A Week in Korea: Barefoot Hiking, a Brush with History and the DMZ Close Up
By San Yamin Aung 9 April 2019
Climbing mountains is an age-old pastime, but Mt. Gyejok Red Clay Road in Daejeon City, in the central region of South Korea, famously puts a twist on the activity with its barefoot hiking.
The attraction was created by Cho Wung Rae, president of the Mackiss Company, a regional distiller of soju traditional Korean liquor. The idea behind it is indeed simple. Cho got the idea after his first experience of barefoot walking in 2006 while on a normal hike with friends. A woman in his group was tottering on high heels, so he gave her his shoes and walked barefoot on the gravel path. That night, he realized the positive effects of barefoot walking: sound sleep and stress release. He wanted to share his discovery with as many people as possible.
So he began spreading red clay, which is pleasing to the touch and warms the body, over a 14.5-km gravel path.
The trail was one of the site visits during the recent World Journalist Conference, which I attended. The Journalists Association of Korea invited more than 70 journalists from 50 countries to attend the annual international conference in the last week of March.
Upon arriving at the entrance to the red clay road, we received a clean towel to wipe away the sweat and also to clean our feet after walking. Mr. Cho was waiting for us there to join the walk.
If you don’t want to walk barefoot on the red clay road, you can walk on the normal road. As walking on the clay road is believed to have health benefits such as preventing and healing diseases and stress relief, I chose to take off my tight shoes and do the barefoot hike.
To keep the red clay in optimum condition and offer visitors maximum healing, tons of red clay are spread on the trail and watered every day. Cho said the cost is covered by his soju company’s profits.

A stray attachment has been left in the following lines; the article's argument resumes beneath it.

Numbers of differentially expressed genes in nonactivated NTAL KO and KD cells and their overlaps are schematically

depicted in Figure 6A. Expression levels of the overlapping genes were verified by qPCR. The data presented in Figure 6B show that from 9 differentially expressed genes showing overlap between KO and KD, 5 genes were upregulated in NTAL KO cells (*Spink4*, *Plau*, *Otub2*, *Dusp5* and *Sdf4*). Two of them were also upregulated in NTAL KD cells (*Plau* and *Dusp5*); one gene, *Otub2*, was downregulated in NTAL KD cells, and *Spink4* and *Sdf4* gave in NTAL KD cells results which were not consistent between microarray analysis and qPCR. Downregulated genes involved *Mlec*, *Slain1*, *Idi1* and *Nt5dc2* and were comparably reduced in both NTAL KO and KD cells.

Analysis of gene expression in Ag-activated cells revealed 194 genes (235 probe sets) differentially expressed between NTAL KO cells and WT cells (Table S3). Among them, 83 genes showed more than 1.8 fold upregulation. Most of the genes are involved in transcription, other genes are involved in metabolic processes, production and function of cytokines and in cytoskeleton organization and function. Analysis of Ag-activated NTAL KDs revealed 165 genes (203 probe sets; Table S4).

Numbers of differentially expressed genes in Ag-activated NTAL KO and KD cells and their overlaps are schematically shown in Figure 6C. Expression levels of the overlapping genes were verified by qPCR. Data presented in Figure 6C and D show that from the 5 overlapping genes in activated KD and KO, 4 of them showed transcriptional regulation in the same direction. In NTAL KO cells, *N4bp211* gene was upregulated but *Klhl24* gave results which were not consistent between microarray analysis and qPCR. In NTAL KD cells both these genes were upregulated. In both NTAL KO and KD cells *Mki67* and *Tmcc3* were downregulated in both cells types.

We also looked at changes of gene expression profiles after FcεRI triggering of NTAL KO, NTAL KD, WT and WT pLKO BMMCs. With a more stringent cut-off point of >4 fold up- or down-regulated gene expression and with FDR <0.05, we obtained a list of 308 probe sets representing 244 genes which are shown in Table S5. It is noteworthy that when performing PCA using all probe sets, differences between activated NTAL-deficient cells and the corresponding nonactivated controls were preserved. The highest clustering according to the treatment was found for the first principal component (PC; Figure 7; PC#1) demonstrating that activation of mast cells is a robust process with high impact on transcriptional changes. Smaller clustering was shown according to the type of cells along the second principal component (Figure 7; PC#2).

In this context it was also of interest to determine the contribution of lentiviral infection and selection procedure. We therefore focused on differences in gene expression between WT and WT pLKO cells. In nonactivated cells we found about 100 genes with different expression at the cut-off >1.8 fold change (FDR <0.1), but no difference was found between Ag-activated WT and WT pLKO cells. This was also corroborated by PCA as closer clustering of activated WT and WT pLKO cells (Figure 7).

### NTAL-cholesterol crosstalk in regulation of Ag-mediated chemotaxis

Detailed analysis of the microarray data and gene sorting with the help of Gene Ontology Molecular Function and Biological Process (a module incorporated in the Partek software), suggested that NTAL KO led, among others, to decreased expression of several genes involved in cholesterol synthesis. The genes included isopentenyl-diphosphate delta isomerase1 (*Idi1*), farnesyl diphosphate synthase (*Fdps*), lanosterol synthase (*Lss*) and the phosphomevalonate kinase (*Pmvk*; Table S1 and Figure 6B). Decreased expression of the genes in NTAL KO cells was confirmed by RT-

A Barefoot Festival is held every May, and the Mackiss Opera holds a “Fun Fun Classic Concert” every Saturday and Sunday at Mt. Gyejok.
This simple but innovative idea made me think it would be great if the leading business groups in our country offered such contributions to the community. That’s not to say there are no businesspeople in Myanmar giving back to society. But mostly it is in the form of customary donations and other charitable activities. Innovative ideas like the Mt. Gyejok Red Clay Road create enjoyment for the community while boosting their health and connectedness, and increasing their incomes.
At Mt. Gyejok Red Clay Road, what began as a simple idea to share one man’s joy with more people has became a famous landmark and “eco-healing” spot in South Korea, attracting more than 1 million people yearly. It has been selected as one of the Korea Tourism Organization’s must-visit tourist spots in from 2015 to 2020.
While visiting heritage and cultural sites and different cities in South Korea during the week, the government’s investment in Artificial Intelligence (AI) was visible. In Daejeon, we toured the government-funded Electronics and Telecommunications Research Institute.
Daejeon’s vice mayor for political affairs Park Young Soon said the central government allocated annual budgets for the research institutes, though he declined to provide precise figures.
The democracy-activist-turned-vice mayor told me he is a friend of Min Ko Naing, a well-respected democracy activist and former political prisoner in Myanmar. The vice mayor was also once imprisoned for his political activism.
The modern histories of Korea and Myanmar include similar popular struggles for democracy against dictatorships.
One striking difference, however, is that Korea now has a national cemetery and memorial hall to honor the fallen heroes and those who didn’t hesitate to sacrifice during its May 18 democratization movement in 1980, centered in Gwangju City. Those responsible for the massacre also stood trial murder and insurrection.